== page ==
13 FEBRUARY 1909, Page 20


THERE is much to be said for setting a poet to appraise a poet. He has worked in the same medium ; he has known the travail of putting theory to the test of practice ; he promises to be suitably equipped, in point of style, for the task of doing at least poetic justice to his theme. On the other hand, two of a craft seldom agree. • The poet-critic may well have followed different ideals from those of his subject, been inspired by different models, and aimed at different standards' of technique. He is liable, also, to prefer his own instinct and

taste to the dispassionate judgment of the scholar. It is' therefore not surprising that the selection of Mr. Alfred Noyes for the honour of writing on William Morris for the " English Men of Letters " Series has only partially been justified. Hie eye is the understanding eye of a fellow- craftsman ; the heart with which he worships beauty, and the hand with which he writes its praise, are the band and the heart of a poet; but he is apt to impose his own prejudices, intuitive or acquired ; and though he has read widely (at times, indeed, be naïvely speaks as if the whole world of poetic literature wore familiar ground to him), his judgment lacks the seal of erudition. He seems to have set out with the misgiving that, if ho appreciated Morris at his true value, be might appear, by implication, to call in question the supremacy of Tennyson. " Writing," he says, "out of a full-hearted admiration and enthusiasm for the work of Morris, it seems at the outset more than ever neces- sary for us to emphasise this,";—that Tennyson "had a range of which Morris was unaware altogether." And in proof of his contention this couplet of the author of "The Defence of Guenevere "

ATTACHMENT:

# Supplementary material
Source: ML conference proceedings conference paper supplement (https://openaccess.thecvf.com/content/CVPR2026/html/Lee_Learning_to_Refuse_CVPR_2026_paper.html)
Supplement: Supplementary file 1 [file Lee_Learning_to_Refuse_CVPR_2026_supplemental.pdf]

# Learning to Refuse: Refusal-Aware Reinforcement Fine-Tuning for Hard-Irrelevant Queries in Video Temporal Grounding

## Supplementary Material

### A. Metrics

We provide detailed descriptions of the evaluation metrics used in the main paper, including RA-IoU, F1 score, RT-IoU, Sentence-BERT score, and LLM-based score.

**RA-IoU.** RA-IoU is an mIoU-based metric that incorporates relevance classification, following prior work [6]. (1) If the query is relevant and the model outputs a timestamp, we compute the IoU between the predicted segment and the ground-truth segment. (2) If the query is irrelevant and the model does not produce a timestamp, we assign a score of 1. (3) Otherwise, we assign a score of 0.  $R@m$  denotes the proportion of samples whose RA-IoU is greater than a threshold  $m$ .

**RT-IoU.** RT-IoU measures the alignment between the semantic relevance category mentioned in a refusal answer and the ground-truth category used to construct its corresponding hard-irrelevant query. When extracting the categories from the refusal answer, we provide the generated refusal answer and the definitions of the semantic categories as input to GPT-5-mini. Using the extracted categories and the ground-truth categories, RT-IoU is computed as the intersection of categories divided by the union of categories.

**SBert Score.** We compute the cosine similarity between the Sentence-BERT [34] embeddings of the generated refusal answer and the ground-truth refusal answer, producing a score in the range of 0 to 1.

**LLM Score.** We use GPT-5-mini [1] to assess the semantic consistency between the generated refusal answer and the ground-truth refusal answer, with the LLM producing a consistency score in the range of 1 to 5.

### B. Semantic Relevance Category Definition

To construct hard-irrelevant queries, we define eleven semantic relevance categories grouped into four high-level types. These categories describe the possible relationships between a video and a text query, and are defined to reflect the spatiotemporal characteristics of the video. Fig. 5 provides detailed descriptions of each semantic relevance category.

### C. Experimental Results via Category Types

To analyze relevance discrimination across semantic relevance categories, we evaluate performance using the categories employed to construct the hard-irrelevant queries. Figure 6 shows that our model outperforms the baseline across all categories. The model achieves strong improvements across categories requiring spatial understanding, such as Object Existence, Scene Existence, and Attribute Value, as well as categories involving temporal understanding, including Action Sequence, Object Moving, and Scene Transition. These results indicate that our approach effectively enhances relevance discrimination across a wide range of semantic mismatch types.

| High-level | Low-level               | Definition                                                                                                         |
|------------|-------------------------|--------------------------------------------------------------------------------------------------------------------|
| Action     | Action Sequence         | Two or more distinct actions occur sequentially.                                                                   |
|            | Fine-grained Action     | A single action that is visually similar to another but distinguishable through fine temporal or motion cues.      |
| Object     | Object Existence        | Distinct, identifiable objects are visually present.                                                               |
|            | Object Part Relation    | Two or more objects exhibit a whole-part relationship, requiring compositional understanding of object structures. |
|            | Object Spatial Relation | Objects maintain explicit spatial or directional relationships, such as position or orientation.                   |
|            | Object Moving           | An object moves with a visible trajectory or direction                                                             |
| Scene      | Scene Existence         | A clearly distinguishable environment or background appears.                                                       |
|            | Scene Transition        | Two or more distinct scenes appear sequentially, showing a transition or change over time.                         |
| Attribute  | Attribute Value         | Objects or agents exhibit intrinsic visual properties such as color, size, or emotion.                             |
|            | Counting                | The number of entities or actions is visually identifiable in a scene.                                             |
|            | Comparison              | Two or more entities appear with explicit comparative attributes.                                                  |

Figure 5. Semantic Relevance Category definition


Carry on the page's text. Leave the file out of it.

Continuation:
" And ever she sung from noon to noon, Two red roses across the moon "-

is compared, not with another rhymed poem, cognate in theme, like "The Lady of Shalott," but with the opening passage of the majestic blank verse of "Mode d'Arthur," and in particular the lines : "On one side lay the Ocean, and on one Lay a great water, and the moon was full."